Being on the water was a way of life for Robert Rohmann. The active 30-year-old had fished and surfed his entire life, even becoming a pro surfer in his mid-teens. In his early 20s, after years in the surf industry, Robert decided to use his fishing skills as a source of income and became a captain.
When the father of two young daughters left for a surfing trip to Barbados in January 2016, life was seemingly normal. Robert had been experiencing unusual symptoms prior to the trip, including difficulty breathing, shortness of breath, and dizziness. But he didn’t think the symptoms were cause for serious alarm.
Everything changed on that Barbados trip. When Robert came paddling in from the water while surfing, he looked like a “ghost” according to friends.
Following a visit to the hospital, Robert was diagnosed with a pulmonary embolism (blood clots in his lungs) and pulmonary hypertension. He spent the next three weeks hospitalized in Barbados, where doctors put him on an anticoagulant and steady oxygen.
Once he returned home to Florida, USA, Robert and his wife, Arianne, spent the next few months searching for answers. Why was a perfectly healthy 30-year-old male suddenly battling for his life?
As Robert’s condition worsened, doctors found more blood clots in his legs and lungs (known as venous thromboembolism or VTE). His energy and strength began to decline.
“There were days when he was so exhausted that I had to walk him inch by inch to the bathroom holding him upright,” Arianne said. “Some days I had to help him brush his teeth because his arms were too heavy for him to lift.”
Robert was eventually diagnosed with chronic thromboembolic pulmonary hypertension (CTEPH), a rare condition that can develop in people who have experienced an acute pulmonary embolism. He would be transferred to an Intensive Care Unit (ICU) where he stayed for a month and a half with Arianne by his side.
Soon, the right side of Robert’s heart began to fail. His doctors decided to undergo surgery called pulmonary thromboendarterectomy to remove blood clots from the pulmonary arteries, as well as repair the tricuspid valve.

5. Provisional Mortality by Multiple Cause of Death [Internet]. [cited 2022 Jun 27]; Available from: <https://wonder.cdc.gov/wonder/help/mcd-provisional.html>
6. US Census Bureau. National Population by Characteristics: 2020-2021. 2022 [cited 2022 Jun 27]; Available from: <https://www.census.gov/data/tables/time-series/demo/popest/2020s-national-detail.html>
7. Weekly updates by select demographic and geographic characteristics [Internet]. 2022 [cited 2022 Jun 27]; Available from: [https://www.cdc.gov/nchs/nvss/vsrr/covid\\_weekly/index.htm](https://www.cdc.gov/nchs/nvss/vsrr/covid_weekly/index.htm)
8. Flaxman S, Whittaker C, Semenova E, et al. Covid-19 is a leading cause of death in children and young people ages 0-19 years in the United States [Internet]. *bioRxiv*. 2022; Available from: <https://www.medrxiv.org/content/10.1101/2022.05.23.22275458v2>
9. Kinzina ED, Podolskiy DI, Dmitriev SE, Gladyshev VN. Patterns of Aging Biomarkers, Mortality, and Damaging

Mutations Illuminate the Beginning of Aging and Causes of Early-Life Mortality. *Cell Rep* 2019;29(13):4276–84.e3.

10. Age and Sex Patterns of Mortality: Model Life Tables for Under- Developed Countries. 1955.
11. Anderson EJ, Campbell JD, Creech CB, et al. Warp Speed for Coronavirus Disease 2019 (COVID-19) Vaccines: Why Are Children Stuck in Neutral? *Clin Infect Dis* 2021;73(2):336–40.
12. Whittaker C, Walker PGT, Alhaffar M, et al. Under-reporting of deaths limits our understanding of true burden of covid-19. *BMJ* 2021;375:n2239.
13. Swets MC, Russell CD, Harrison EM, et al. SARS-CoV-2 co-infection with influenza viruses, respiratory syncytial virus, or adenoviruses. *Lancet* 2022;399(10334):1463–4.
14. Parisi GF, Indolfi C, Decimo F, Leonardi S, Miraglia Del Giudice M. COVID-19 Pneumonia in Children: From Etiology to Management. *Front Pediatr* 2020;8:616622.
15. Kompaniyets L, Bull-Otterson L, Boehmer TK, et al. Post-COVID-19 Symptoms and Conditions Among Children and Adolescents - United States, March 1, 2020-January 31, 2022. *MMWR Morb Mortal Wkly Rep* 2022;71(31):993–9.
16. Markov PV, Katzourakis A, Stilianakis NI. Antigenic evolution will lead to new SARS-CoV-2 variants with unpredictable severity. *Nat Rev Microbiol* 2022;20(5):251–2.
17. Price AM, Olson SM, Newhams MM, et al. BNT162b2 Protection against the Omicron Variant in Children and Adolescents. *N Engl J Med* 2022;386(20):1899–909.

While doctors were able to remove some of the clots in Robert’s lungs, many were too scattered and could not be removed. The surgery was unable to lower his pulmonary hypertension levels.
Robert remained in a medically induced coma until he passed away two weeks later with Arianne by his side in June 2016.
In the short time since Robert’s death, Arianne and their two daughters are still learning to navigate life without him.
“There is no order in which the emotions come. Some days I am numb and some days I am appreciative. Grief comes in waves,” Arianne said. “Of course, the best healer is hugs from our two little daughters that each have half of Robert's heart. When combined, it means I get his whole heart forever.”
Arianne understands the potential severity of blood clots and is an advocate for understanding the risk factors, signs, and symptoms of thrombosis.
“When you hear the two words ‘blood clot’ you don't think of death. We hear ‘cancer’ and instantly think of death,” she said. “What people don't know about a blood clot is all that can branch from it, including pulmonary hypertension. I only had five months with my husband after he was diagnosed.”